Since Irving was already selling cheesecake photos, I'd presume this was a natural progression to shoot their own "good girl" pics. As to when they started shooting them, I have no idea.

When was the last photo session for MSN/Nutrix?

Irving/Paula continue to produce original pictures (but no bondage after the 1955 Kefauver Hearings) into the 1960s. Klaw would publish "adventure" books with the pics and Klaw-written descriptions/dialog under the Nutrix name. He even rented studio space in Florida from David Friedman in the early 1960s. (Irving loved Florida and at the time of his death was making plans to retire and move there.)

Review after review of THE NOTORIOUS BETTIE PAGE have reduced Paula and Irving to "nice, normal, unexceptional" people. I'd love to counter that with some context. In interviews I've seen Paula displays a sharp sense of humor. Can you tell us about Irving, Paula and Jack Kramer? What were their personalities like?

From most accounts, the personalities were right on. Remember, I was born some 16 months after Irving's death.

What was the relationship like between them (Irving, Paula and Jack) and Bettie? There are some photos of them socializing, but also quotes suggesting there was little interaction outside of a handful of Saturday shoots.

Irving was a family man (he had no interest in bondage beyond the moneymaking aspects and there are absolutely no reports of inappropriate behavior between him and the models), so beyond the occasional dinners, I doubt he socialized much with Bettie. I do know that Irving use to like to go out with my grandmother Natalie and they favored night clubs with transvestite performers. Starting the mid-60s, my maternal grandparents often accompanied the Klaws on their club visits.

There is a story about a Filipino merchant marine who originally tied the knots for the bondage photos, but that Paula quickly assumed those duties. Likewise, initially, Movie Star News paid photographers, but at some point Paula took over these duties as well. Is this accurate and is there any information you can add?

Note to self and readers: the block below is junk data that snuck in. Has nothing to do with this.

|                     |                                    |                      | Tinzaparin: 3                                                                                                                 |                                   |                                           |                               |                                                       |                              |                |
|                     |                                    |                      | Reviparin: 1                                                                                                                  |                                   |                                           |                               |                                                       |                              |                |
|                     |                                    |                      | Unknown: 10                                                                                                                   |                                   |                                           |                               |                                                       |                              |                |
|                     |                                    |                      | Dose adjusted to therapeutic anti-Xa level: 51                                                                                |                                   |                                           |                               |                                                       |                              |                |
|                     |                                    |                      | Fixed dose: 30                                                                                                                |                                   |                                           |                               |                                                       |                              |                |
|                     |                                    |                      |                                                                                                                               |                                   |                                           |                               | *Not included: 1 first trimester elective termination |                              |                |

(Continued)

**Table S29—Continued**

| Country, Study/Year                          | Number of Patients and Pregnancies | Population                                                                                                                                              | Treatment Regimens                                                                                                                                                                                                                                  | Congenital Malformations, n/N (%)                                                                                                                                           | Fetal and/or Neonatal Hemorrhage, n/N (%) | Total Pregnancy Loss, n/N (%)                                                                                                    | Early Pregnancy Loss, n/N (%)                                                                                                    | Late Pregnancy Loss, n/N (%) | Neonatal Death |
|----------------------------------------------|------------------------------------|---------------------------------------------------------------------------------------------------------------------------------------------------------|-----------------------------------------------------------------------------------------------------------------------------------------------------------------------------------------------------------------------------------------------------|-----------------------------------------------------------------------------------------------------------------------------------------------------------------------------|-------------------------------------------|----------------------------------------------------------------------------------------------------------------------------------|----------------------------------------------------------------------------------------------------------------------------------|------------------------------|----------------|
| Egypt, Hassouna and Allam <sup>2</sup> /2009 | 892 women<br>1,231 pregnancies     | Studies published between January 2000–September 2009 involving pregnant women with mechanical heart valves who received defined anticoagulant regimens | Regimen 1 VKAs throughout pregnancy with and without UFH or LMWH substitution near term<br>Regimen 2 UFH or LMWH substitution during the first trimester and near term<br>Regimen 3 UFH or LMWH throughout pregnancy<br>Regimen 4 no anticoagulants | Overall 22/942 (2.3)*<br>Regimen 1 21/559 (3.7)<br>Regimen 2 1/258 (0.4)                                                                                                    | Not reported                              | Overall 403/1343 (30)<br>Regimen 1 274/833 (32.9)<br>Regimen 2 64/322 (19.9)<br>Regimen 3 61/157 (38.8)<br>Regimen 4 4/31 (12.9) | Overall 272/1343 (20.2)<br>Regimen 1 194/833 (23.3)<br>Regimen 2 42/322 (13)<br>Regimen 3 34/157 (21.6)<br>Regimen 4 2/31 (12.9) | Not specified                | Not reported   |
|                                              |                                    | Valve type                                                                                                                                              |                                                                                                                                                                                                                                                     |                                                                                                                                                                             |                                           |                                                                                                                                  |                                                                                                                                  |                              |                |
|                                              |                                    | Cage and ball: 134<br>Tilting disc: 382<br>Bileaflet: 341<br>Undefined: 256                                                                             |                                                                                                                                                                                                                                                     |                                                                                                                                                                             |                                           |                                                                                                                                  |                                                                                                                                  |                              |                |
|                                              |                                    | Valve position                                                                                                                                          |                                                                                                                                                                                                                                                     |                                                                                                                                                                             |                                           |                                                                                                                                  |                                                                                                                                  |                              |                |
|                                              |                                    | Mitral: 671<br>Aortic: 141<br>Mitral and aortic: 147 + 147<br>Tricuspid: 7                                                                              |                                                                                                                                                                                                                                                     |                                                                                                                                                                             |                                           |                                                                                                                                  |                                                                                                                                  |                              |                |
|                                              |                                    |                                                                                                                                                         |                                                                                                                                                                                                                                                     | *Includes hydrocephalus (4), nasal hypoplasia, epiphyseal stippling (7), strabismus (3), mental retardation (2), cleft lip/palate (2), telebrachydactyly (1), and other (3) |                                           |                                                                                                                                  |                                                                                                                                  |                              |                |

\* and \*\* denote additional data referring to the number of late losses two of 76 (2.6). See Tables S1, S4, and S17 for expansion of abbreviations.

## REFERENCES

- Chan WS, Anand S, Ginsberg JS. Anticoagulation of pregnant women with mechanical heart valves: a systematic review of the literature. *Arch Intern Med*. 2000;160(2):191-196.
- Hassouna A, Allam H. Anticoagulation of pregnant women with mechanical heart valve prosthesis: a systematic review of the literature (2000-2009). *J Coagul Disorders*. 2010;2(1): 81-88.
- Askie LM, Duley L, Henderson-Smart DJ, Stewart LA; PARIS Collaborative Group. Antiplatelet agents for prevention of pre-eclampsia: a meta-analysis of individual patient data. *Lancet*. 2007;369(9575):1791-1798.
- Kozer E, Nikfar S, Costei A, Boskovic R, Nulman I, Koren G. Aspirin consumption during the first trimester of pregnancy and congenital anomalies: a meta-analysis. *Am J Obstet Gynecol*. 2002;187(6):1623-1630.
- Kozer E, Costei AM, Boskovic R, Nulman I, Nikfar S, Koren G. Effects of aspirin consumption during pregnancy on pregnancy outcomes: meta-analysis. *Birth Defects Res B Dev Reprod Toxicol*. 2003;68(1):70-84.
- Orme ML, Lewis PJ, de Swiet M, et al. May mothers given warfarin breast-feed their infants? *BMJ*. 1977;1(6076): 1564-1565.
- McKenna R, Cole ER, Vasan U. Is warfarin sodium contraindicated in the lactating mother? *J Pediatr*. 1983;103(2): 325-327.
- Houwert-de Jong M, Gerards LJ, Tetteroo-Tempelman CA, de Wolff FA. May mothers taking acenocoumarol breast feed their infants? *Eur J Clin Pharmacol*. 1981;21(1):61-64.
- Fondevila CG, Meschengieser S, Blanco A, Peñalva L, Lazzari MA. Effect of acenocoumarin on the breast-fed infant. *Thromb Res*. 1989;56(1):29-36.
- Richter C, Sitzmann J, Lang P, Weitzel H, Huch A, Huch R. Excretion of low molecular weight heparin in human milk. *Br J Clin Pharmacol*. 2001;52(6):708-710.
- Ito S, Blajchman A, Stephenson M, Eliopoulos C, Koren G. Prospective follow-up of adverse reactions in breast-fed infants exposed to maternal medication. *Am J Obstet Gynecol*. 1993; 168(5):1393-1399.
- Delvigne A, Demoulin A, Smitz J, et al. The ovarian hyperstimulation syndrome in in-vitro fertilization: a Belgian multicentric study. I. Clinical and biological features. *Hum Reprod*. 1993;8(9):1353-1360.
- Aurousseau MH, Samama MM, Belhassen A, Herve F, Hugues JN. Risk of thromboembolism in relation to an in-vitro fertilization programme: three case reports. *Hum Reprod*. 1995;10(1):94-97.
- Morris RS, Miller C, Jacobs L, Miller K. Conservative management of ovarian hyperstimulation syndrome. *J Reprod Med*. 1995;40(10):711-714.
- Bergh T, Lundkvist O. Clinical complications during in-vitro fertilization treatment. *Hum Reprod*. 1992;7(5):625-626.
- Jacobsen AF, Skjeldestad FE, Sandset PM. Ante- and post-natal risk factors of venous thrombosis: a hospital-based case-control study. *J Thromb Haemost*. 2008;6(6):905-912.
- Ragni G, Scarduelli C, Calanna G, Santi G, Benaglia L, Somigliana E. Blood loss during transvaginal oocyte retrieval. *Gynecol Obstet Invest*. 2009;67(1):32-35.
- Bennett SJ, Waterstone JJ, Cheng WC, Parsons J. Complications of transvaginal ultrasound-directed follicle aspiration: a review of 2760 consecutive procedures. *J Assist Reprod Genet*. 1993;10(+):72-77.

I can add nothing about knots, but Ira Kramer told me that his mother (Paula) took the pictures because Irving was allergic to the photographic fluids. When I asked Arth about it (who is some 20 years older than Ira), he said he had never heard that. So who knows?

I've read that Paula destroyed 80% of the photos, but, at great peril to herself, Irving and Jack, she kept some of the negatives hidden, including many of the Bettie negatives. Is there any more information you can provide on this matter?

Irving surely didn't know about the surviving negatives. He was a scrupulous man of his word and if said they were all destroyed, he believed so.

And a bit of a correction... the negative destruction had nothing to do with Kefauver.

In 1963, following the suggestion of his lawyer, Irving destroyed his photographs and movies in an effort to placate the courts on yet another obscenity charge. The effort initially failed and Irving was found guilty of conspiracy to send obscene material through the mail, but the verdict was eventually overturned on appeal. Paula saved thousands of those images.

Thanks for your time and insight, Rick!

Rick Klaw is the author of Geek Confidential: Echoes from the 21st Century
NOW AVAILABLE from MonkeyBrain, Inc.

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Read more Rick Klaw at the Dark Forces Book Group blog and SF site.

For more on Rick's life as a professional geek and more insight on Irving Klaw, read his interview over at Enter the Octopus.